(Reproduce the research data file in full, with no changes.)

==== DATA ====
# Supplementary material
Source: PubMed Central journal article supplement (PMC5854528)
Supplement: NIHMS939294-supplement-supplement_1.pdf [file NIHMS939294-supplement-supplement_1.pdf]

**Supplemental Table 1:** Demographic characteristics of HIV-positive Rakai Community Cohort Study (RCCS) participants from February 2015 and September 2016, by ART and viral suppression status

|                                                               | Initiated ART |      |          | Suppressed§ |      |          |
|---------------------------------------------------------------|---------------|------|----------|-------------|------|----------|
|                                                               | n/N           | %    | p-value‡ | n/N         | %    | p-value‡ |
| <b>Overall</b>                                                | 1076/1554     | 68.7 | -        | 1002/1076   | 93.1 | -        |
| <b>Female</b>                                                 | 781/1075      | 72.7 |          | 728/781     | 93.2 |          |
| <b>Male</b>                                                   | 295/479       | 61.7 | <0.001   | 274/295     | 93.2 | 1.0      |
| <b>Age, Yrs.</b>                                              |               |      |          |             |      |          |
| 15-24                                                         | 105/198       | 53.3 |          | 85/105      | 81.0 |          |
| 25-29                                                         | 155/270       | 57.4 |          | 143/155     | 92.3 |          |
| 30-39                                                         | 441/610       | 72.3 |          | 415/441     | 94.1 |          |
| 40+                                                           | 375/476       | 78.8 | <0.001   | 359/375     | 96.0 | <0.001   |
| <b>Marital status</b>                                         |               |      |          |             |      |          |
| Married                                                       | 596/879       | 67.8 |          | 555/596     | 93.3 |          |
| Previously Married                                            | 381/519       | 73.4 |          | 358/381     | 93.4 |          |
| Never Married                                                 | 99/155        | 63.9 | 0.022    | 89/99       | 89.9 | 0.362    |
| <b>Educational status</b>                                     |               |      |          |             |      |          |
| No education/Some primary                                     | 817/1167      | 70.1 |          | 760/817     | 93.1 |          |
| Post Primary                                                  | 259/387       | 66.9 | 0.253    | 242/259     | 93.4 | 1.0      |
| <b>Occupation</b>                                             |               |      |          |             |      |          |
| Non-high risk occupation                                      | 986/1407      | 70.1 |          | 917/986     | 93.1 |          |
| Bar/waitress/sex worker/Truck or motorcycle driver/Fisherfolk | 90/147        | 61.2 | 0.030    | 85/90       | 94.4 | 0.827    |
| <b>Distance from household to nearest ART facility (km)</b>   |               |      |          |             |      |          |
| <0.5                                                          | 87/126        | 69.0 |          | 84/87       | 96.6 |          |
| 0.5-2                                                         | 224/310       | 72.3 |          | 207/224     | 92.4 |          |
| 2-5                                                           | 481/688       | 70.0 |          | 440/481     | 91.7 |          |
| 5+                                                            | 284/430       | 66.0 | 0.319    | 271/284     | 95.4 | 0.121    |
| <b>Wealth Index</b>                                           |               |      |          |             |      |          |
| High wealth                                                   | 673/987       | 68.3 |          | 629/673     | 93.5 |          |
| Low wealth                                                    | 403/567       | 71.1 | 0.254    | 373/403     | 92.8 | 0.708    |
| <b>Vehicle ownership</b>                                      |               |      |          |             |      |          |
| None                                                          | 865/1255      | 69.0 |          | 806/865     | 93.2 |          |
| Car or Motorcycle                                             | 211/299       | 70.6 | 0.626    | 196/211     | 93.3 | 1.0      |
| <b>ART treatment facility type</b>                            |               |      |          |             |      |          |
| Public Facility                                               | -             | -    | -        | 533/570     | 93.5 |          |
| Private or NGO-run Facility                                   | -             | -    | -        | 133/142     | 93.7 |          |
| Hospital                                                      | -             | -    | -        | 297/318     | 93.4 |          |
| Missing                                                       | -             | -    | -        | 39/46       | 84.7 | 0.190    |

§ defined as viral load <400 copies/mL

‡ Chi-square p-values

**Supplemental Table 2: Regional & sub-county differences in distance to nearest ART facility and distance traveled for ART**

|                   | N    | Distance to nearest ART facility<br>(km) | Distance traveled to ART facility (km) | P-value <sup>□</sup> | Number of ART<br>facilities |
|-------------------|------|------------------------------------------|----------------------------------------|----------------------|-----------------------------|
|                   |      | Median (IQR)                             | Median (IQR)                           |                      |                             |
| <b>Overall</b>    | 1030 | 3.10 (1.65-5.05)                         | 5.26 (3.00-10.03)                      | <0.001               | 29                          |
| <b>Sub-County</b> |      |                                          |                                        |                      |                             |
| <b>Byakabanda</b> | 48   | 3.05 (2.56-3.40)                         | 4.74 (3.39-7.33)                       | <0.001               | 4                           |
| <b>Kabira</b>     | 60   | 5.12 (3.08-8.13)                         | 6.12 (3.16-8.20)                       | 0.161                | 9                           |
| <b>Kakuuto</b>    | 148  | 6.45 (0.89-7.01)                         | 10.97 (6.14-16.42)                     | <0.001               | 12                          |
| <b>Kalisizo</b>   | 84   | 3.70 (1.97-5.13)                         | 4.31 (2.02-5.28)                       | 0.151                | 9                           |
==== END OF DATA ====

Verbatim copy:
# Supplementary material
Source: PubMed Central journal article supplement (PMC5854528)
Supplement: NIHMS939294-supplement-supplement_1.pdf [file NIHMS939294-supplement-supplement_1.pdf]

**Supplemental Table 1:** Demographic characteristics of HIV-positive Rakai Community Cohort Study (RCCS) participants from February 2015 and September 2016, by ART and viral suppression status

|                                                               | Initiated ART |      |          | Suppressed§ |      |          |
|---------------------------------------------------------------|---------------|------|----------|-------------|------|----------|
|                                                               | n/N           | %    | p-value‡ | n/N         | %    | p-value‡ |
| <b>Overall</b>                                                | 1076/1554     | 68.7 | -        | 1002/1076   | 93.1 | -        |
| <b>Female</b>                                                 | 781/1075      | 72.7 |          | 728/781     | 93.2 |          |
| <b>Male</b>                                                   | 295/479       | 61.7 | <0.001   | 274/295     | 93.2 | 1.0      |
| <b>Age, Yrs.</b>                                              |               |      |          |             |      |          |
| 15-24                                                         | 105/198       | 53.3 |          | 85/105      | 81.0 |          |
| 25-29                                                         | 155/270       | 57.4 |          | 143/155     | 92.3 |          |
| 30-39                                                         | 441/610       | 72.3 |          | 415/441     | 94.1 |          |
| 40+                                                           | 375/476       | 78.8 | <0.001   | 359/375     | 96.0 | <0.001   |
| <b>Marital status</b>                                         |               |      |          |             |      |          |
| Married                                                       | 596/879       | 67.8 |          | 555/596     | 93.3 |          |
| Previously Married                                            | 381/519       | 73.4 |          | 358/381     | 93.4 |          |
| Never Married                                                 | 99/155        | 63.9 | 0.022    | 89/99       | 89.9 | 0.362    |
| <b>Educational status</b>                                     |               |      |          |             |      |          |
| No education/Some primary                                     | 817/1167      | 70.1 |          | 760/817     | 93.1 |          |
| Post Primary                                                  | 259/387       | 66.9 | 0.253    | 242/259     | 93.4 | 1.0      |
| <b>Occupation</b>                                             |               |      |          |             |      |          |
| Non-high risk occupation                                      | 986/1407      | 70.1 |          | 917/986     | 93.1 |          |
| Bar/waitress/sex worker/Truck or motorcycle driver/Fisherfolk | 90/147        | 61.2 | 0.030    | 85/90       | 94.4 | 0.827    |
| <b>Distance from household to nearest ART facility (km)</b>   |               |      |          |             |      |          |
| <0.5                                                          | 87/126        | 69.0 |          | 84/87       | 96.6 |          |
| 0.5-2                                                         | 224/310       | 72.3 |          | 207/224     | 92.4 |          |
| 2-5                                                           | 481/688       | 70.0 |          | 440/481     | 91.7 |          |
| 5+                                                            | 284/430       | 66.0 | 0.319    | 271/284     | 95.4 | 0.121    |
| <b>Wealth Index</b>                                           |               |      |          |             |      |          |
| High wealth                                                   | 673/987       | 68.3 |          | 629/673     | 93.5 |          |
| Low wealth                                                    | 403/567       | 71.1 | 0.254    | 373/403     | 92.8 | 0.708    |
| <b>Vehicle ownership</b>                                      |               |      |          |             |      |          |
| None                                                          | 865/1255      | 69.0 |          | 806/865     | 93.2 |          |
| Car or Motorcycle                                             | 211/299       | 70.6 | 0.626    | 196/211     | 93.3 | 1.0      |
| <b>ART treatment facility type</b>                            |               |      |          |             |      |          |
| Public Facility                                               | -             | -    | -        | 533/570     | 93.5 |          |
| Private or NGO-run Facility                                   | -             | -    | -        | 133/142     | 93.7 |          |
| Hospital                                                      | -             | -    | -        | 297/318     | 93.4 |          |
| Missing                                                       | -             | -    | -        | 39/46       | 84.7 | 0.190    |

§ defined as viral load <400 copies/mL

‡ Chi-square p-values

**Supplemental Table 2: Regional & sub-county differences in distance to nearest ART facility and distance traveled for ART**

|                   | N    | Distance to nearest ART facility<br>(km) | Distance traveled to ART facility (km) | P-value <sup>□</sup> | Number of ART<br>facilities |
|-------------------|------|------------------------------------------|----------------------------------------|----------------------|-----------------------------|
|                   |      | Median (IQR)                             | Median (IQR)                           |                      |                             |
| <b>Overall</b>    | 1030 | 3.10 (1.65-5.05)                         | 5.26 (3.00-10.03)                      | <0.001               | 29                          |
| <b>Sub-County</b> |      |                                          |                                        |                      |                             |
| <b>Byakabanda</b> | 48   | 3.05 (2.56-3.40)                         | 4.74 (3.39-7.33)                       | <0.001               | 4                           |
| <b>Kabira</b>     | 60   | 5.12 (3.08-8.13)                         | 6.12 (3.16-8.20)                       | 0.161                | 9                           |
| <b>Kakuuto</b>    | 148  | 6.45 (0.89-7.01)                         | 10.97 (6.14-16.42)                     | <0.001               | 12                          |
| <b>Kalisizo</b>   | 84   | 3.70 (1.97-5.13)                         | 4.31 (2.02-5.28)                       | 0.151                | 9                           |